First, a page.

El Mirage Lake, in California’s Mojave Desert - Electric vehicles are clean, they’re green, they’re economical, they’re practical within their range limits, and they need very little maintenance but, with the honourable exception of BMW’s i8 (which doesn’t really qualify because it has an auxiliary combustion engine) there is one thing they are not, and that’s sexy.
Sorry guys, but driving an i3 or a Leaf is like kissing your sister; it’s not the real thing.
It’s been left to energy supplier E.ON to amp up (if you’ll forgive the pun!) the sexy side of electric motoring, featuring six of the craziest, sexiest cars (and a bike) that you’ve ever seen in a new video promo for its new fast-charging technology, which will be rolled out to thousands of locations across Europe in the coming months - and we do mean rolled out, E.ON is targeting 10 000 charging points throughout Europe by 2020.
Each charging station is good for 150kW of charging power, with a modular upgrade option to 350kW - that’s enough to recharge a 400km range battery from stone flat to full in less than half an hour.
There are some already in use in the UK, where E.ON is offering a special off-peak rate, with a discount of 33 percent for people who charge their cars late at night.
The video was shot at El Mirage dry lake in California’s Mojave desert, and features a number of vehicles that you’d normally consider as wasteful of fuel - each of them converted or built from scratch to run on electricity.
The most impressive, in visual terms anyway, is Bigfoot #20, the world’s first pure electric monster truck, powered by 30 separate battery packs in series, delivering an eyeball-frying 360 volts - with another six battery packs to power the brakes and steering systems.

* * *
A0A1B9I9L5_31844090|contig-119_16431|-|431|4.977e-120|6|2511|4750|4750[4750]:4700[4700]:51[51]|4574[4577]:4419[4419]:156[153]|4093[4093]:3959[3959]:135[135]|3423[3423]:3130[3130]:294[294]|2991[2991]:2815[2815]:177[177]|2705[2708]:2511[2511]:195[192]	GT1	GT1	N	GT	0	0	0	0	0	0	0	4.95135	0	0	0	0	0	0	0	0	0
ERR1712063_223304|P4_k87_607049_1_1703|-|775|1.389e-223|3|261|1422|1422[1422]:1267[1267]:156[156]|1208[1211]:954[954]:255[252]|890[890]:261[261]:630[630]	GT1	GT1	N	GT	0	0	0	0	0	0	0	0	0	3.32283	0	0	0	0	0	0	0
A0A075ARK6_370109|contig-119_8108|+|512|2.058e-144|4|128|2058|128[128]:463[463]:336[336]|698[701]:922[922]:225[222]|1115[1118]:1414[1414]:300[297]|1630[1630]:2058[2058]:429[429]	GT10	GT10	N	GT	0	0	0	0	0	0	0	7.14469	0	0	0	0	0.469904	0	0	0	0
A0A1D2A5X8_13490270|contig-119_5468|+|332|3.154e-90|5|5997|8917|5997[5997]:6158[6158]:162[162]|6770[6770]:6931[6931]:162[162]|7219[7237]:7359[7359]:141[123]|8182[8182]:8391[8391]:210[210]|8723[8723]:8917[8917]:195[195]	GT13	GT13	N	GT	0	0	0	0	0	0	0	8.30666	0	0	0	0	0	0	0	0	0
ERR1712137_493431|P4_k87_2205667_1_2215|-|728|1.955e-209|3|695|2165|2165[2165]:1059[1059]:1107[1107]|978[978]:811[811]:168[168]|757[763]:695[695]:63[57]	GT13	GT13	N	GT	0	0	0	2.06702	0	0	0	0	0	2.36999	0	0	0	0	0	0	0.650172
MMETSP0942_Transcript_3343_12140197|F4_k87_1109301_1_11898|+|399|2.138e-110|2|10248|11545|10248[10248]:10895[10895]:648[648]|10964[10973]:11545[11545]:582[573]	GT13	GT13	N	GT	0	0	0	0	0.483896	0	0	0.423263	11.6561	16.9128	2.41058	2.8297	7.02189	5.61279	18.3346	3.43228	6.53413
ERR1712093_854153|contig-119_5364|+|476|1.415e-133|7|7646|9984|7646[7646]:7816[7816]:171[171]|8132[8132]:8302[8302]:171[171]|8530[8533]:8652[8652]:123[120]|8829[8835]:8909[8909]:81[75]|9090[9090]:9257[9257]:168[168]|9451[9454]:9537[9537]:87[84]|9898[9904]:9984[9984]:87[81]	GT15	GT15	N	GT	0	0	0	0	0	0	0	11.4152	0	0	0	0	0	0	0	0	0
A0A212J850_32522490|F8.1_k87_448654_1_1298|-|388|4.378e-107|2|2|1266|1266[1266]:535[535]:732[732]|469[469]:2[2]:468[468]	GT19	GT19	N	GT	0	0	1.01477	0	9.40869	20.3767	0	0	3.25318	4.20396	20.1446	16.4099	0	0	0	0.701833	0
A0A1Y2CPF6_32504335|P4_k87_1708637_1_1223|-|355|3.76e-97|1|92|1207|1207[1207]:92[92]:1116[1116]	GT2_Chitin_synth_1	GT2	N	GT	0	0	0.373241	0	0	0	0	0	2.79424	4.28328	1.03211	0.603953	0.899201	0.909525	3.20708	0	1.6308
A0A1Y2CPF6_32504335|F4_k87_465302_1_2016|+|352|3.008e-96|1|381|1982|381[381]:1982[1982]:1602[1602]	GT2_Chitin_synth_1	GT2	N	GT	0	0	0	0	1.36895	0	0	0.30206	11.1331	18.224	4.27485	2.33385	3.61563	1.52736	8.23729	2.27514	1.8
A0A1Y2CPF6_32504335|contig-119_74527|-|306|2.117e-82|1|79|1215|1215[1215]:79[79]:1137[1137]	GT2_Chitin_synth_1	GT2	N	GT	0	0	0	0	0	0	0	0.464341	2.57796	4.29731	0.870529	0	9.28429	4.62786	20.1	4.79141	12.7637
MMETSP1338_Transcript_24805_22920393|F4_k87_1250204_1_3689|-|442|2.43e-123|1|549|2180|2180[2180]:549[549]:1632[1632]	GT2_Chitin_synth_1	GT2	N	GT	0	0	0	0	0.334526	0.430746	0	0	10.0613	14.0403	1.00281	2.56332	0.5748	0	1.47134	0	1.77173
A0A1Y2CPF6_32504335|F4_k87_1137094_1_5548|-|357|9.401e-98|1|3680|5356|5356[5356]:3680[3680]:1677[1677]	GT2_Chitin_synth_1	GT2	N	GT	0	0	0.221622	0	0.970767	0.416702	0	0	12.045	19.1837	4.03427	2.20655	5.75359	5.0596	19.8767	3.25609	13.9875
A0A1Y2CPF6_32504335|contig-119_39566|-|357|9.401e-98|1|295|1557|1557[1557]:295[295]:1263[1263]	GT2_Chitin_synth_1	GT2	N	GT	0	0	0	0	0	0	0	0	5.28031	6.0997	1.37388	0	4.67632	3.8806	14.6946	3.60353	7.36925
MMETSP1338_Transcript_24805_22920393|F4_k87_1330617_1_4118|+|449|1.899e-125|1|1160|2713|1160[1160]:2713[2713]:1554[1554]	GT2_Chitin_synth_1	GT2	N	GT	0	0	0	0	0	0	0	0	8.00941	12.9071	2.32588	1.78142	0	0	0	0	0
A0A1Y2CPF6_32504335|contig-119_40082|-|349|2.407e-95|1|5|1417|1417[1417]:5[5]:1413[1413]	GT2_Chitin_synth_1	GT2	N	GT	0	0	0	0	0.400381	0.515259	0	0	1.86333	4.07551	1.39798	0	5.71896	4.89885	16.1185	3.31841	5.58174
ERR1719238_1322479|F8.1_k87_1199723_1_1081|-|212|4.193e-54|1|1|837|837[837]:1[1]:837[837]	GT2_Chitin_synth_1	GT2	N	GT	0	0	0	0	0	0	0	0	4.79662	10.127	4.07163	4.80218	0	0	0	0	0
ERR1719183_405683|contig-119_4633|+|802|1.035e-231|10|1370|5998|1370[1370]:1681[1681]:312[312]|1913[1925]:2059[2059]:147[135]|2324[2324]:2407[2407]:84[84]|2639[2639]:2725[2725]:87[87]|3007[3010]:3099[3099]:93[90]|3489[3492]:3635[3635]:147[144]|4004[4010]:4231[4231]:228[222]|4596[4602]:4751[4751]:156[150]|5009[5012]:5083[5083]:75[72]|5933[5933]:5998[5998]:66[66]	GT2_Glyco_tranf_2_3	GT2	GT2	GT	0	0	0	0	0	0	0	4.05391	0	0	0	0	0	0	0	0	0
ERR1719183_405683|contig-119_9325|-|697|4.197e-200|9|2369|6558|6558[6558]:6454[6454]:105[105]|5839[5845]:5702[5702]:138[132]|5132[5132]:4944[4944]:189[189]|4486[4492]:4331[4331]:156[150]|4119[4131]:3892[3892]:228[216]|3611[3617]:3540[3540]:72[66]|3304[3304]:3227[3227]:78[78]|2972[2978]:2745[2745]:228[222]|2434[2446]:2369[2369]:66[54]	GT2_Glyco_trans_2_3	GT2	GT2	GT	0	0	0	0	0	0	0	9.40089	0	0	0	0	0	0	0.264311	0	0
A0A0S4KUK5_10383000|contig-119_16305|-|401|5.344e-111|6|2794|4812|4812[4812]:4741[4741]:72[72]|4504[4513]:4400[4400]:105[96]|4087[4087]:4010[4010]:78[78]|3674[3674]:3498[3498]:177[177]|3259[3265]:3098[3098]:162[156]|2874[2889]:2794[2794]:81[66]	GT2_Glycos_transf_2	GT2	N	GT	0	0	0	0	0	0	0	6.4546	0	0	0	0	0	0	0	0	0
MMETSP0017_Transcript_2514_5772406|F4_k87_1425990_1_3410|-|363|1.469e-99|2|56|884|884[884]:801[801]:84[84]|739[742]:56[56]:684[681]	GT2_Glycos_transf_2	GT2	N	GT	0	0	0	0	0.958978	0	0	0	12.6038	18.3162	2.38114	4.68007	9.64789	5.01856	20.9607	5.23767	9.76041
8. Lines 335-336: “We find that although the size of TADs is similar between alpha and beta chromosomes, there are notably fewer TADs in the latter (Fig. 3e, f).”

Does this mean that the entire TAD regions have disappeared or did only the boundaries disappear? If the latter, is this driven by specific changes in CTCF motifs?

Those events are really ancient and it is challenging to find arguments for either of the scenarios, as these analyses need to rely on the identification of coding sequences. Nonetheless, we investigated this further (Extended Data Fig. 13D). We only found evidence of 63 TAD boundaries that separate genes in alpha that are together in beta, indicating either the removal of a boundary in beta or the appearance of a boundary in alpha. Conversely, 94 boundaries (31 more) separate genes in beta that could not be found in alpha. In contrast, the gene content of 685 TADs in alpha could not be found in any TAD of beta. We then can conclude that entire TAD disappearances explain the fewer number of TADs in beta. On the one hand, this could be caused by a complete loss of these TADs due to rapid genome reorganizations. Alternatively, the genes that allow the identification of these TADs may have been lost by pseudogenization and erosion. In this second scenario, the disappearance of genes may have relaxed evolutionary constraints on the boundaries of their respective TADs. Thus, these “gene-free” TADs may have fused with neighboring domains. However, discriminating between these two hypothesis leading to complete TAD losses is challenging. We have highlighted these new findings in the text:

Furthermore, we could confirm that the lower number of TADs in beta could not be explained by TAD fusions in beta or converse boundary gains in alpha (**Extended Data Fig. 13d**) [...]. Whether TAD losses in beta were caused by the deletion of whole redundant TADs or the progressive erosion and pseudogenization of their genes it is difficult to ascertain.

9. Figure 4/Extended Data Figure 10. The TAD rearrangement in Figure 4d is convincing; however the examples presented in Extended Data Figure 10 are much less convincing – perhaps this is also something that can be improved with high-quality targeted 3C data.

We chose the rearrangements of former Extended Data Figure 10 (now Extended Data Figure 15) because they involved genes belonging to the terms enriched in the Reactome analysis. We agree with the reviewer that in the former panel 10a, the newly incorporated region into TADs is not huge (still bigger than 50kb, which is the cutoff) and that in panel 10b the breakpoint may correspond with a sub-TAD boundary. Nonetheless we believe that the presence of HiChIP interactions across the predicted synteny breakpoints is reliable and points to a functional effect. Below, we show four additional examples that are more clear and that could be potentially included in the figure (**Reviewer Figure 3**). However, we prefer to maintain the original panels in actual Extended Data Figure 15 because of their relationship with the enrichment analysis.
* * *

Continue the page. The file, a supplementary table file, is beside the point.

Making its public debut in the desert is the Tachyon Speed by Raesr, an electric supercar prototype on a carbon-fibre chassis with a quoted output in excess of 900kW and 5000Nm (yes, you read that right, five thousand Newton-metres), capable of 0-100km/h in less than three seconds, 0-200km/h in less than seven seconds and an estimated top speed of more than 380km/h.
And if that’s not sexy enough for you, there’s a 375kW electric AC Cobra, a yellow beetle, a Porsche ‘bathtub’, a beat-up old Chevrolet pickup that goes like a hot rod and a Hatfield Lightning superbike with an (officially timed) top speed of 337.6km/h - a sister bike to the machine that won the Pikes Peak hillclimb outright.
The bike is charged by solar panels on the roof of Richard Hatfield’s transporter; as he says, “There is something very perfect about capturing energy that would otherwise fall on the ground, putting it in a motorcycle, coming out here and going 337km/h!”
But in some ways the most impressive part of the video is the fact that no hydrocarbons were burned in making it; all the tracking vehicles, cameras, drones and other equipment used to make the video were electric. Be afraid, OPEC, be very afraid.